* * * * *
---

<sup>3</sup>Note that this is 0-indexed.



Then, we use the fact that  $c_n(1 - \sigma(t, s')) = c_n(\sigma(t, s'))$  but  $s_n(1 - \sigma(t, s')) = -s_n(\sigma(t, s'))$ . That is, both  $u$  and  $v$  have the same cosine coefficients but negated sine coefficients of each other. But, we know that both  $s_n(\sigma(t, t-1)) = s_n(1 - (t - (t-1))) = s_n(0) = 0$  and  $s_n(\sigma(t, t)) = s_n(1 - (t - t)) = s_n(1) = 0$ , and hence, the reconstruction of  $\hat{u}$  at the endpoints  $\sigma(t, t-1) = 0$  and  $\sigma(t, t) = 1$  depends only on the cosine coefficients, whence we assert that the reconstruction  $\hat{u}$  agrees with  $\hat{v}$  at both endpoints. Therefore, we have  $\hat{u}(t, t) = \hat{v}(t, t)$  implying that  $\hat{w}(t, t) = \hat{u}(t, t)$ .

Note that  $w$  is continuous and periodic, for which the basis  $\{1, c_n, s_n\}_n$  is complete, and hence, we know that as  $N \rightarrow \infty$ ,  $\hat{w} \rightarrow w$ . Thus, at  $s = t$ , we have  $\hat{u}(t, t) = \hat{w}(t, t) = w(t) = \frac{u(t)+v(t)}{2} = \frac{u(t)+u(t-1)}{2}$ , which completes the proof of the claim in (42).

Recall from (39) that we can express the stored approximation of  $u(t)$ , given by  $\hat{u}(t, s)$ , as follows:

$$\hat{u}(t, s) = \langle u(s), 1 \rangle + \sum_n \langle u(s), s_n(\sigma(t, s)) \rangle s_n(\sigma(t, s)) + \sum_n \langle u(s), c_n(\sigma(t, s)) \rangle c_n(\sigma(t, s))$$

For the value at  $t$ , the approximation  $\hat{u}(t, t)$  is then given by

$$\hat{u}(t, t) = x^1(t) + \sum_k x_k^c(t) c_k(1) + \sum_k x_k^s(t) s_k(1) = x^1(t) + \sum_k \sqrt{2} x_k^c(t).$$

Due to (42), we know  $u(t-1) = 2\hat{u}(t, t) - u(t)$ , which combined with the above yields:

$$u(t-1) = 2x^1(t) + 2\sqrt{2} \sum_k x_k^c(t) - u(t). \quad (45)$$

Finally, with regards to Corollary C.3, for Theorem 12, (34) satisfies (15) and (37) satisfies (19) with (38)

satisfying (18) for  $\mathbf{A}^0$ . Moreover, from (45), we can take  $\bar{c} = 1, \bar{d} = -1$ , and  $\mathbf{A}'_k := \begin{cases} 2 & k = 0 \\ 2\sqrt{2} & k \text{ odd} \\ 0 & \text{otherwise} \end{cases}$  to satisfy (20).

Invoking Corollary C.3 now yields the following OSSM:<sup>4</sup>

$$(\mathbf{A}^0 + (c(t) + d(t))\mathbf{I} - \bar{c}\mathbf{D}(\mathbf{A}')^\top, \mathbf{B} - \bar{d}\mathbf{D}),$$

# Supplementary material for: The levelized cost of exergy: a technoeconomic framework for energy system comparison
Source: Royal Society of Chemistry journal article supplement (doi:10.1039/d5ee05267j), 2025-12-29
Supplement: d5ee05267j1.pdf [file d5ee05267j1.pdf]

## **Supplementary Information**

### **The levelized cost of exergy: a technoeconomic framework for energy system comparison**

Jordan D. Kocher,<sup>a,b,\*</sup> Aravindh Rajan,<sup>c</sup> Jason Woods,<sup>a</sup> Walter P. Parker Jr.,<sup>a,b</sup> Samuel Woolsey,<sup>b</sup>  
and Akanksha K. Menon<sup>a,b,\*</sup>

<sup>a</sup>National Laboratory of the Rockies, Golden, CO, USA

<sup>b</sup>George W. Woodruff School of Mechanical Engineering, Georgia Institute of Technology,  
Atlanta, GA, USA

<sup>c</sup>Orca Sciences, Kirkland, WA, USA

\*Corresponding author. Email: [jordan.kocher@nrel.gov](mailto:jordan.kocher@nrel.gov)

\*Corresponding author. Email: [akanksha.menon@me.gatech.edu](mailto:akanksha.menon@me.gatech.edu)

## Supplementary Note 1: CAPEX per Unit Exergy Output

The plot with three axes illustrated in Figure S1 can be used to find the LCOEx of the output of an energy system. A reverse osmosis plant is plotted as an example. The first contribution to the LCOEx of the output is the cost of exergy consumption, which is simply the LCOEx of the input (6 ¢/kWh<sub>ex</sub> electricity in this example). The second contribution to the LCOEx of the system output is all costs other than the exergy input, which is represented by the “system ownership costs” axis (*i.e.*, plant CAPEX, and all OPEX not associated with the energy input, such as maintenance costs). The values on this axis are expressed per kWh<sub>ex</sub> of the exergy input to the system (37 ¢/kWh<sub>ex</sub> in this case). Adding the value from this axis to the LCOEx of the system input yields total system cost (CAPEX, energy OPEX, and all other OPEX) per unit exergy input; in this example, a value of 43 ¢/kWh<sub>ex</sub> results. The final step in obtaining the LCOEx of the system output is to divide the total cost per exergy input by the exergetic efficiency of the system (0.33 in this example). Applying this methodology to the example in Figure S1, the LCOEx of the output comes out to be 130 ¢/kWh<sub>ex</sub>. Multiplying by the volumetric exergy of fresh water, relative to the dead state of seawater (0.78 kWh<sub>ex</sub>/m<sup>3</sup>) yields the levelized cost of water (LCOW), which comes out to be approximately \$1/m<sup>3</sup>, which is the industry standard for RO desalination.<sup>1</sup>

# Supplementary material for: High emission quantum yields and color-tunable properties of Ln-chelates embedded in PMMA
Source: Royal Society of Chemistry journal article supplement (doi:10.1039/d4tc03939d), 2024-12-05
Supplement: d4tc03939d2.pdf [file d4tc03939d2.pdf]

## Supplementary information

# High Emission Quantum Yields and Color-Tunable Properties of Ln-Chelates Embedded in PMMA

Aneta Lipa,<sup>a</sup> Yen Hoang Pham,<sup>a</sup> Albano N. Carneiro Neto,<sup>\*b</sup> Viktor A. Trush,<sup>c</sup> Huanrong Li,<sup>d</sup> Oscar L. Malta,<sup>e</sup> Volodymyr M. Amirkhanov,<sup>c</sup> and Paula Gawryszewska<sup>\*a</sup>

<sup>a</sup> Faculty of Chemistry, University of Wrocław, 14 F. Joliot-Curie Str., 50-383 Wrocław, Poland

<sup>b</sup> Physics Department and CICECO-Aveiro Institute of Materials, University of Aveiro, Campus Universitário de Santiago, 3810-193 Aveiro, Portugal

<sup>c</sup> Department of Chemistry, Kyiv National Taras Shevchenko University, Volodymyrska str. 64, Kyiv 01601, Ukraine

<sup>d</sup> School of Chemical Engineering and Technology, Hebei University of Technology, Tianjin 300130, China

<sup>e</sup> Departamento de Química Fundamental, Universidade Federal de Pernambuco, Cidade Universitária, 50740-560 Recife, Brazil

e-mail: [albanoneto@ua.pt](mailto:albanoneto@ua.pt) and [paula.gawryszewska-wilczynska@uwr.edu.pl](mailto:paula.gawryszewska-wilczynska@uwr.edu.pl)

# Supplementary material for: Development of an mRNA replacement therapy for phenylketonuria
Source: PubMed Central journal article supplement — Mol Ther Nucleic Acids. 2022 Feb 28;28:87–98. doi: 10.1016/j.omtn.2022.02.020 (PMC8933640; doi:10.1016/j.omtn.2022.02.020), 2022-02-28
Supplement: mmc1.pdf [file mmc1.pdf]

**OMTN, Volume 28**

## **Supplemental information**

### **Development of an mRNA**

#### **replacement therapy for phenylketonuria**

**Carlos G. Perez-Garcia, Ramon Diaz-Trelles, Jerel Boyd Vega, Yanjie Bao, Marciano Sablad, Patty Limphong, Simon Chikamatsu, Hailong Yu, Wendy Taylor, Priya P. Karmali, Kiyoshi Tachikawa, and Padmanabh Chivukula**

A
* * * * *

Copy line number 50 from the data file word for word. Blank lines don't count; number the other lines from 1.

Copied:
A